Proud to be Boricua: Brianna Rivera ’22

In first grade, Brianna Rivera ’22 rushed to greet one of her classmates with a hug and a kiss—that was the norm in her Puerto Rican family. But it wasn’t quite the norm in Danvers, MA, and she got in trouble with her teacher. “That early moment made me realize my culture is different.”

Growing up, Rivera often found herself confused or ashamed of her culture in a predominantly white region. She often pulled her textured, curly hair into ponytails and wore jeans and zipped-up jackets to hide her figure. But today, she embraces her culture and is proud to be Boricua, or Puerto Rican. Though her many relatives are now scattered throughout the US, they hold tightly to their culture.

September 15 through October 15 marks Hispanic Heritage Month, and to celebrate, Gordon’s La Raza club highlights a different Hispanic or Latin American country each year. The focus of the Hispanic Heritage Month celebration this year is Puerto Rico, so in honor of her Boricua roots, Christian ministries major Rivera shares reflections on her culture in an interview with The Bell.

Brianna Rivera ’22, pictured furthest to the left

The Bell: Where were you and your family members born?

Rivera: I was born in Massachusetts. So were my mom and by siblings—born and raised here. My dad moved to the United States from Puerto Rico when he was 17 or 18. He grew up in great poverty, so hearing from his family who moved to Maryland that it was possible to break that cycle is what drove him to come. And then he met my mom here, and the rest is history. They’ve been married for 20 years now.

What’s one of your favorite traditional foods?

Homemade sweet bread. My dad just got his recipe down, and it’s incredible.

How about favorite music?

I grew up on salsa. Every Saturday morning when it was cleaning time, my mom would blast salsa on the big speakers in the living room and would jam to Marc Anthony.

Favorite Puerto Rican tradition?

Christmas season is the best with family. We get together on la Nochebuena (Christmas Eve). Everyone dresses up, and we have a lot of good food like pernil, which is pork but specifically prepared and seasoned. We usually open one gift that night. It’s such a nice night with dancing and music and good food.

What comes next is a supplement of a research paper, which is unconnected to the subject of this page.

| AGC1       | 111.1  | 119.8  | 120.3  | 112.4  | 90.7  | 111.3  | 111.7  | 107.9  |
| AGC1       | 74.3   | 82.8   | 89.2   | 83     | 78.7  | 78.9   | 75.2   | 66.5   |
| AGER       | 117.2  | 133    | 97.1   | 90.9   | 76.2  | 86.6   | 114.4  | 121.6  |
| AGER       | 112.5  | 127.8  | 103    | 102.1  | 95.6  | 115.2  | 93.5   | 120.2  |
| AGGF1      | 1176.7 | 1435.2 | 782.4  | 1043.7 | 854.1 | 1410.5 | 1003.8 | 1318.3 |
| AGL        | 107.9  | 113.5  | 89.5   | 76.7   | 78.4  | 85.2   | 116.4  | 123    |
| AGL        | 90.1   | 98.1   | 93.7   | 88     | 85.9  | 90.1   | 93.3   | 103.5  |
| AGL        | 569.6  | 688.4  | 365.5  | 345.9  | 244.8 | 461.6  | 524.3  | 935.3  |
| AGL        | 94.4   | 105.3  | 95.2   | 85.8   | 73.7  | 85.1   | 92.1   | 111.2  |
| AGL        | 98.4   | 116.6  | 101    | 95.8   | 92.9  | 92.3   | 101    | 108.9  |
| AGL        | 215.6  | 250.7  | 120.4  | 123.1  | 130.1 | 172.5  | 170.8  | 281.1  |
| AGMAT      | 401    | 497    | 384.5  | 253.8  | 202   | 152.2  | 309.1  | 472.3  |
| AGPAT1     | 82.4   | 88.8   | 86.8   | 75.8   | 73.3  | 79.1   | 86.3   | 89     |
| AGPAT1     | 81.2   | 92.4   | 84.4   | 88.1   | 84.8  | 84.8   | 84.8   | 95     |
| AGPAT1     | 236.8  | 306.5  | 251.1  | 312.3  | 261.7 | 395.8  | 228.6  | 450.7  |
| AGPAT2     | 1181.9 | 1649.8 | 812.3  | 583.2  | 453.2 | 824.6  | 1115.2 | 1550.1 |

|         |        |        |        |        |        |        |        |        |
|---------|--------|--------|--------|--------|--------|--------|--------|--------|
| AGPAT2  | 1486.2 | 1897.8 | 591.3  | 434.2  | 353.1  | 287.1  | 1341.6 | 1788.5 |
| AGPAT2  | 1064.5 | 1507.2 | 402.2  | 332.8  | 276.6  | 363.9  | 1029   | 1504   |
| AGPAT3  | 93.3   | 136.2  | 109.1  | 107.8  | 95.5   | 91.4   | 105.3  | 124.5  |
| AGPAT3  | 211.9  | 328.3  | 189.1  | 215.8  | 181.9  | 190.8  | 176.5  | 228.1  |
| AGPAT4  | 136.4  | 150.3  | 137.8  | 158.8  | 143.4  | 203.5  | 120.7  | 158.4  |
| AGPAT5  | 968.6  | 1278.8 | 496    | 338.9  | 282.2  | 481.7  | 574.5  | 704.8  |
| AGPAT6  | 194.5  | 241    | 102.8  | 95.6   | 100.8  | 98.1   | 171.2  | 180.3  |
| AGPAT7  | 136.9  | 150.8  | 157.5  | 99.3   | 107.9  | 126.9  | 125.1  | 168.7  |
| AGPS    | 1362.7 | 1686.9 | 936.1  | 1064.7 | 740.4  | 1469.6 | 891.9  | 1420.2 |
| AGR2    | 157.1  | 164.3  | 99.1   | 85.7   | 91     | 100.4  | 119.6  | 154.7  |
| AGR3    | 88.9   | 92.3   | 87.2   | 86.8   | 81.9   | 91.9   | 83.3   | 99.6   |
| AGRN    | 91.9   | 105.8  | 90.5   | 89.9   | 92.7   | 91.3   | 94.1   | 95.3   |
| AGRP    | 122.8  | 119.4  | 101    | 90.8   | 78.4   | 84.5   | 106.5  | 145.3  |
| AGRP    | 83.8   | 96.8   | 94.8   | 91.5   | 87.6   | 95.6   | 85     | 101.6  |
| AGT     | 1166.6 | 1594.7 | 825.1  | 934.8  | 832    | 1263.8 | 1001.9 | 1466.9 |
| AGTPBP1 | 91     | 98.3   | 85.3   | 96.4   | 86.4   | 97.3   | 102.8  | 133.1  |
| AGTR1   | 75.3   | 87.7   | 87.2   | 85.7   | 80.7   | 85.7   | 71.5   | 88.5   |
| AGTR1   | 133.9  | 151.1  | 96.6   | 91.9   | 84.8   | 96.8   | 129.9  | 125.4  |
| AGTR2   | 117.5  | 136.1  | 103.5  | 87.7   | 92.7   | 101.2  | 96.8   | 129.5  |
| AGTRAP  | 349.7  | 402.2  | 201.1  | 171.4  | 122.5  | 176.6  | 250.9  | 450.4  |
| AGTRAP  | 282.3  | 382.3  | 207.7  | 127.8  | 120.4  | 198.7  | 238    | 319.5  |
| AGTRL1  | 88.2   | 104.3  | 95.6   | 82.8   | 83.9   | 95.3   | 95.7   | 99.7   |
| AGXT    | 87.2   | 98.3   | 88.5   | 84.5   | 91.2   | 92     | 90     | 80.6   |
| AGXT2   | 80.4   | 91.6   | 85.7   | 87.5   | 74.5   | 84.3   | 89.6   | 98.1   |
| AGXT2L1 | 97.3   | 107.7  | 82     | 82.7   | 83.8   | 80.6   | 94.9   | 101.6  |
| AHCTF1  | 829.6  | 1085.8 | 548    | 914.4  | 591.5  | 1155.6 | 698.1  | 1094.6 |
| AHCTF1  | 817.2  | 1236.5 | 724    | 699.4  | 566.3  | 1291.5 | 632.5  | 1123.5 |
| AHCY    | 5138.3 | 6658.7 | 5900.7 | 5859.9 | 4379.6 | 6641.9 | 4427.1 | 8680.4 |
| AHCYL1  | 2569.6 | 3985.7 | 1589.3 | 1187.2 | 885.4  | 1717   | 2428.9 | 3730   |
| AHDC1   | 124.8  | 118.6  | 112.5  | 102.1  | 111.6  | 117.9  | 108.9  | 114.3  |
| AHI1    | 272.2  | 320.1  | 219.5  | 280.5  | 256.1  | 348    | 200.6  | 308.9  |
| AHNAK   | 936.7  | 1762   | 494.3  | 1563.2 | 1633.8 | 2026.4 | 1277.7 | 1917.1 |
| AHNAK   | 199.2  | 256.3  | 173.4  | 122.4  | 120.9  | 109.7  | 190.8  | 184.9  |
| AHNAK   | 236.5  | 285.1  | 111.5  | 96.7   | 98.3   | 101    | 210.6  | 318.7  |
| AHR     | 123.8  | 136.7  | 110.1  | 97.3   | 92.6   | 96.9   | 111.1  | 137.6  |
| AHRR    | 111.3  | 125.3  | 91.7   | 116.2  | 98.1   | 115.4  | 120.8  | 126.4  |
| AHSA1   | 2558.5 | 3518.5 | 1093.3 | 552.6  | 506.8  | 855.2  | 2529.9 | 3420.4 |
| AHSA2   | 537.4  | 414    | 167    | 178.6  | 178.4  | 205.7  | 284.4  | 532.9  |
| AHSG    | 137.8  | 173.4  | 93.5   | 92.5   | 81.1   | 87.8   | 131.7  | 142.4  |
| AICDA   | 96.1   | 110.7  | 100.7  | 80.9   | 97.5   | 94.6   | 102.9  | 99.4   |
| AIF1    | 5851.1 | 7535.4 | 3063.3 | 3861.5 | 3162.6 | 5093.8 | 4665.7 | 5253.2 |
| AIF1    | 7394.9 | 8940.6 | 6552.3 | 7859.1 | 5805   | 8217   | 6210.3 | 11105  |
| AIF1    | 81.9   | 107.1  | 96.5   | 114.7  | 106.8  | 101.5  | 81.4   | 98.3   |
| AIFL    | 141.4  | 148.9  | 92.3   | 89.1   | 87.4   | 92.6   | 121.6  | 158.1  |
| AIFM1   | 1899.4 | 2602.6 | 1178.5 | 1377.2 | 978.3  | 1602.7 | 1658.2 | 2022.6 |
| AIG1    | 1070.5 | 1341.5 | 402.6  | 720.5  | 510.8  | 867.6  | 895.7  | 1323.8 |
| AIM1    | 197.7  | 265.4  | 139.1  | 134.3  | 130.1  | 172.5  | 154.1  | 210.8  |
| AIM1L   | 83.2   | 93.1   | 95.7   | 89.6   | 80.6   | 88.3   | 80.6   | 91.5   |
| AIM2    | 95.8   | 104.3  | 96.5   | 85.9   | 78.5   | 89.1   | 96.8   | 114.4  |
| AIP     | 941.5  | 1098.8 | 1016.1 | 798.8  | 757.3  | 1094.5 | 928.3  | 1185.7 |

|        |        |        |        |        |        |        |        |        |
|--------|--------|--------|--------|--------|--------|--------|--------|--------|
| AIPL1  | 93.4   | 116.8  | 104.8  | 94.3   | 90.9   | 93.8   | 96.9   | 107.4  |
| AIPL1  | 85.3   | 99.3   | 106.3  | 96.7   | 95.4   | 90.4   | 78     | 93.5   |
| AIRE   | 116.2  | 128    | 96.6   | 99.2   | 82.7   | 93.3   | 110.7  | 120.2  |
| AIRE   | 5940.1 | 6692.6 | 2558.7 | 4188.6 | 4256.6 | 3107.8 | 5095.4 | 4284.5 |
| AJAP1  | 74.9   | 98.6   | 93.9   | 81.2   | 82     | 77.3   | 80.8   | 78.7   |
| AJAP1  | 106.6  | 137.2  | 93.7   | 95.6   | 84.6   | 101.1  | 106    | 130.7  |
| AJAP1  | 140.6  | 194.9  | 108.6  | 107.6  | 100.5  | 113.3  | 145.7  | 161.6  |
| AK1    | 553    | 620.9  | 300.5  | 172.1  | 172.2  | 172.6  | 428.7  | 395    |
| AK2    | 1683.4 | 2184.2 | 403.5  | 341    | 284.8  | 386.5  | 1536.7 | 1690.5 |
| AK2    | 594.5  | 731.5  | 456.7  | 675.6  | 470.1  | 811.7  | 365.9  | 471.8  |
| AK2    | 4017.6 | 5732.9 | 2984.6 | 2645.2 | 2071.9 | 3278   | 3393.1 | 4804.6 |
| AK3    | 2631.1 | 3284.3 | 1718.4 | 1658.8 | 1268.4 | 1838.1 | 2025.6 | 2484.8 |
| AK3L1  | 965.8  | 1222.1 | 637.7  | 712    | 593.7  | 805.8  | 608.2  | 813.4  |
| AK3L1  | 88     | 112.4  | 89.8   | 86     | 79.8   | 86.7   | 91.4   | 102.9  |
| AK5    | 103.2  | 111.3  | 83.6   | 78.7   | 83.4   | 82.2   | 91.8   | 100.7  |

How has being Puerto Rican shaped your values?

Hospitality is a big value as a Puerto Rican—it’s our number one thing. There are people in my family who have nothing but still find a way to host people. So even in the midst of times where hospitality hasn’t been reciprocated, having that foundation in my culture has allowed me to continue being hospitable. It’s the biggest joy for me. And my parents, for instance: If you come over, it doesn’t matter who you are—they will cook a three-course meal.

How has your heritage shaped your faith?

I come from a culture that’s rooted in love, so it comes very easily to me to love people and love God. I’ve never really struggled to understand that God loves me, because I’ve seen it my whole life with my family in such a beautiful way. And if my family can be like that, then no doubt, there’s a God out there that can show me that. That’s given me a rooted trust in the Lord. And even on the island, I’ve seen the Lord sustain my family through really hard times.

How did you come to embrace your roots?

I went through the stages of denial, anger and acceptance, but didn’t notice that I was going through them until recently. As a little kid, I went through that whole process of not wanting to be different, and I hated my culture. I was like, “Why can’t we just be white?” In high school I wondered why I couldn’t look like the kids at my school who were getting more opportunities. But I definitely went through all of that so that I could be where I am now. I’ve gotten to the point of true self-acceptance and wanting to learn more about my culture.

What advice would you give to anyone building relationships with Hispanic Americans?

I’d say learn. Self-educate, read and try to look at different cultures with an unbiased view. Also, don’t be afraid to ask questions—just ask them respectfully. People of color—especially Latino communities—want to be heard. We’re so proud of where we come from that if you just ask us a question, we’ll tell you all about our culture.

What is one piece of advice you would give to Hispanic Americans who may struggle with identity?

Learn about your culture. The more you dive deep into your roots, the more you see reflections of yourself. This allows you to have a deeper understanding of why you are the way you are or why you have certain tendencies. When I took that journey to learn about where I come from, I began to see there’s so much beauty on the island I should be proud of.

By Ellian Chalfant ’22, communication arts